Many, if not all, writers -- published or not -- are looking forward to the day they can cut the chains of their "day job" and write full time. The cold reality is, probably never.
Of all the writers I know, only one is full time -- and that's stretching it a bit. Kevin (no relation) is a newspaper man; his day job is writing nonfiction, his writing writing is science fiction. Keith, one of the most prolific writers I know, would not make ends meet without his editing gigs. Scratch any writer and you'll find (just running through a list of my writerly friends) a psychiatrist, a software designer, a college instructor, two teachers, a graphic designer, a retail store manager, a retail store clerk, an IT guy for a large corporation, and a salesman. I'm a case manager for a family preservation services agency.
The reality of writing is that the income is not steady enough. Loan agencies can not include money from writing when figuring your debt-to-income ratio because past sales are not an indicator of future income. Which may annoy a writer fresh off his first novel sale, but is wise. In 2009 my earnings as a writer were about 1/3 of what they were in 2007; which is to say more than any year up to 2003, about the same as 2004, but less than 2005, 2006, or 2008. There's no pattern to my earnings, and without my day job there would be months with no income at all.
In her invaluable Freelancer's Survival Guide award-winning author and editor Kristine Kathryn Rusch does not recommend going completely solo until you have the resources to cover living expenses, medical insurance, potential emergencies, et al., for at least a year set aside. By that standard, I see no way I will ever be in a position to write full time, unencumbered by a day job.
Does that mean don't even try? Of course not. The year of my first sale, 1999, I was in mental health, working with at-risk youth from 8AM-4PM five days a week, had a paper route from 3-6AM seven days a week, and taught English as a second language at the community college from 6-9PM three nights a week. I wrote on weekends and during the evenings I was not teaching. I mark the beginning of my professional writing career from 2005. That was the first year my income from writing was such I could afford to give up the paper route and the teaching.
A few rules, a work ethic, enabled me to reach that point.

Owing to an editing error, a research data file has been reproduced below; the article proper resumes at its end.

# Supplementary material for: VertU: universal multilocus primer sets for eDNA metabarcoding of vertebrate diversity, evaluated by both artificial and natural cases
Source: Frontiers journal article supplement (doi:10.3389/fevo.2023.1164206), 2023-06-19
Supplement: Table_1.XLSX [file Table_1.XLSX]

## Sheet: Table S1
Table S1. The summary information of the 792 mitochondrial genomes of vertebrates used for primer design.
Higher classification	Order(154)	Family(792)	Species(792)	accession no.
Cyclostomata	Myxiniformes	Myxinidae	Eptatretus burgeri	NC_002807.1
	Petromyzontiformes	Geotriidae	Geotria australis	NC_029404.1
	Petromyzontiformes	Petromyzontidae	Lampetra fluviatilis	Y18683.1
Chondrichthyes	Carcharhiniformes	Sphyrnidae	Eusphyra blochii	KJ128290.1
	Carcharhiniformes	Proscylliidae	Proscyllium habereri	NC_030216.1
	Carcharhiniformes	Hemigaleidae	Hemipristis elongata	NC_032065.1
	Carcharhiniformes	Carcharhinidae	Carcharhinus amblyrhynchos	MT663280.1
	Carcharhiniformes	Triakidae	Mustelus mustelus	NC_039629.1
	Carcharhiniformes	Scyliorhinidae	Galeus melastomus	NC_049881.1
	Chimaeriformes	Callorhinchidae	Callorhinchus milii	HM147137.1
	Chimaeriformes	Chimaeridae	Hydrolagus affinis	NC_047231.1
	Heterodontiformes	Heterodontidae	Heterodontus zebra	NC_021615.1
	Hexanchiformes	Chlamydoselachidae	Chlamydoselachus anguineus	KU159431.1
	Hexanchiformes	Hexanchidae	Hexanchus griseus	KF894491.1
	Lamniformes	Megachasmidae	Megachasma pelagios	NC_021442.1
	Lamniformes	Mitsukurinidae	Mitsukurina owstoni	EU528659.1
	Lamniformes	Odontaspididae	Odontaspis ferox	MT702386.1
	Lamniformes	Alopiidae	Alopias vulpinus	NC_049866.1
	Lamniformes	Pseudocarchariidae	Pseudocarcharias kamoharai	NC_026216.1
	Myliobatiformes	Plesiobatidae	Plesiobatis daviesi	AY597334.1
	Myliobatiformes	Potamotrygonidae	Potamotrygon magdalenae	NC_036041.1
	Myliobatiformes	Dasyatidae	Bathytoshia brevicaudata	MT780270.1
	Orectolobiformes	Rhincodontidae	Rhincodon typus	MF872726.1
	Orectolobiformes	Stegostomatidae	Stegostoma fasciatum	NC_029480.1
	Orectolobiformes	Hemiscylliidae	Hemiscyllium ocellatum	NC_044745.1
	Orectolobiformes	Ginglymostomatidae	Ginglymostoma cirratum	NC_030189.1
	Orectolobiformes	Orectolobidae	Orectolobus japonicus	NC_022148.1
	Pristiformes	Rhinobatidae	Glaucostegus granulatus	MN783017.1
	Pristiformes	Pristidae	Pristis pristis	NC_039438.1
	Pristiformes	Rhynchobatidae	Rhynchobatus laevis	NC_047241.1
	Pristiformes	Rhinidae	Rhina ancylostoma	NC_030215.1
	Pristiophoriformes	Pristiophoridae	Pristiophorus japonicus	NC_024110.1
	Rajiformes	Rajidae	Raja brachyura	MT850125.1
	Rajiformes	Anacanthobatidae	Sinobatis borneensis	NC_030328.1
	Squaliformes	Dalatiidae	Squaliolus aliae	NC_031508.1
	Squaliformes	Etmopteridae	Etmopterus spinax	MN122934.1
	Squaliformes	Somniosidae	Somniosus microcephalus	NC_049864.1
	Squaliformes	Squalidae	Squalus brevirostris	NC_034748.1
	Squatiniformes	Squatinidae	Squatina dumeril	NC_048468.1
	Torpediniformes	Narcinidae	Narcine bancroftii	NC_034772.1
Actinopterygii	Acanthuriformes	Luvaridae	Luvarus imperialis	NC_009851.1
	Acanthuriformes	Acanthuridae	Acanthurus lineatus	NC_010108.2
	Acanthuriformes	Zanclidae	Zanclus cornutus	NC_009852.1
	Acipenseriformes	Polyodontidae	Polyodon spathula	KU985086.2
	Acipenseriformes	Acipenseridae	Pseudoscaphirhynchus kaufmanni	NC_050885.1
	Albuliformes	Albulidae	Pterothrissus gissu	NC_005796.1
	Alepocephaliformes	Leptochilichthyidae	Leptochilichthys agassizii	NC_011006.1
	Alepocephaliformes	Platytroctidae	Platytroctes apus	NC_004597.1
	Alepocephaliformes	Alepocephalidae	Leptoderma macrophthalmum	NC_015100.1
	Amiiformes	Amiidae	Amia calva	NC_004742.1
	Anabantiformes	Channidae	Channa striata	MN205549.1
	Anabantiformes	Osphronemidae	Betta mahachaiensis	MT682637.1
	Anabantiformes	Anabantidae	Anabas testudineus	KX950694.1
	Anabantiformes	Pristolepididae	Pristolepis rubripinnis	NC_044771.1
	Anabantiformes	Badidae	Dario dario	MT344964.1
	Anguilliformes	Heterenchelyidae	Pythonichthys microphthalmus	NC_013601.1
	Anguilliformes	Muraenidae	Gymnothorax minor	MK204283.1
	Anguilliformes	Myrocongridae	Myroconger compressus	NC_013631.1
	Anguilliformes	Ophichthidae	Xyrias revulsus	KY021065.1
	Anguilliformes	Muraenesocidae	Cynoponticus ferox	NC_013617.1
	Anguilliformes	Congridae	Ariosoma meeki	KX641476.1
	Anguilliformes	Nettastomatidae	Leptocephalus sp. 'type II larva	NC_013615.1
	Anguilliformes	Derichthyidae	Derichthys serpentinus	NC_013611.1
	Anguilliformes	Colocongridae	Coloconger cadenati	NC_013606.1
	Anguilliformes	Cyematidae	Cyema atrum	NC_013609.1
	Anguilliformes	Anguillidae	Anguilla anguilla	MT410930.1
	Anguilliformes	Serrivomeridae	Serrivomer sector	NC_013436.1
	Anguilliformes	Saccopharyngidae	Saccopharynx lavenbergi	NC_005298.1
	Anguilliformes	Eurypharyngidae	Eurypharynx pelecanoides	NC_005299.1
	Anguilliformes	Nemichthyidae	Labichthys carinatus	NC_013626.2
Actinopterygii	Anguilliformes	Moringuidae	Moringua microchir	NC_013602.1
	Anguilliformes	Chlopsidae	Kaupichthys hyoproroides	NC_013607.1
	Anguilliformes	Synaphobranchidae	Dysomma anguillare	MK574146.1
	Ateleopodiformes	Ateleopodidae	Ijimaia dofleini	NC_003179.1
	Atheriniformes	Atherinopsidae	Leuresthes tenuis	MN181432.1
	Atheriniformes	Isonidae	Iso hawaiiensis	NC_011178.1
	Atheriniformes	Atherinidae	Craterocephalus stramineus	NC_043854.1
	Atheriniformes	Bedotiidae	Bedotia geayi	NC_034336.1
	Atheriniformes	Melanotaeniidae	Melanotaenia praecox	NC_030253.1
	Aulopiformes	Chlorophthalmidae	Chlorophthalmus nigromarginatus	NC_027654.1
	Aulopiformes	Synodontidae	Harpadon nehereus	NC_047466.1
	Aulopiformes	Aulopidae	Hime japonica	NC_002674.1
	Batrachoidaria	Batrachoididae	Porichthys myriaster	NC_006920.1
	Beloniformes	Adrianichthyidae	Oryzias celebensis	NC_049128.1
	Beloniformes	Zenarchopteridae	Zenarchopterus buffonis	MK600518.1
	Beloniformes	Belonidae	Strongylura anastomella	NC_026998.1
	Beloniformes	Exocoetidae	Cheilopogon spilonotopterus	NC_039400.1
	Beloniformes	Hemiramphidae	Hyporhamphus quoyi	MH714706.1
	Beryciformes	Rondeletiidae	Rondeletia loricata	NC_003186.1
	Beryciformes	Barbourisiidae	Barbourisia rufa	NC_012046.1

The first rule, of course, is to write. I used a label maker to put a strip across the bottom edge of my laptop's screen: "Write. Do not read about writing. Do not chat about writing. Do not post about writing. Write."
The second rule is to treat writing like a job you need. As a paperboy (excuse me, media distribution specialist) I had to get up at the crack of you've-got-to-be-kidding-me and despite cold or storm or not feeling well, get 300+ news papers rolled, bagged and on the right porches before sane people were out of bed. There were no excuses for running late and calling in sick required a doctor's documentation in 12 hours or termination. Applying those standards to your writing schedule (i.e.: If you have a pulse, you are typing) can do more for your writing career than any other single factor.
The third rule is to have a plan. Set realistic objectives and have a clear-eyed understanding of the steps you are going to need to take to reach them. Here I was greatly helped by my wife Valerie's budgeting skills and the fact she will tell me what's what without hesitation or blink. If I had followed my instincts -- quit the paper route after my first few sales -- I would have been back in the part-time-job market, using up my writing time trying to find work, in weeks. (And stressed about bills we could not pay.)
I currently have a plan in place with a two to four year timeline (that flexibility reflects several factors over which I have little or no control). Somewhere (somewhen?) around 2014 you will find me teaching classes on creative writing (hopefully at a university, but a community college is fine) and spending the bulk of my time on writing original fiction.
I'll let you know how that goes.
In the meantime:
Treat writing as a job you need to have.
Set realistic objectives, and develop a practical plan for attaining them.
Take each step one at a time, and you will become a professional writer.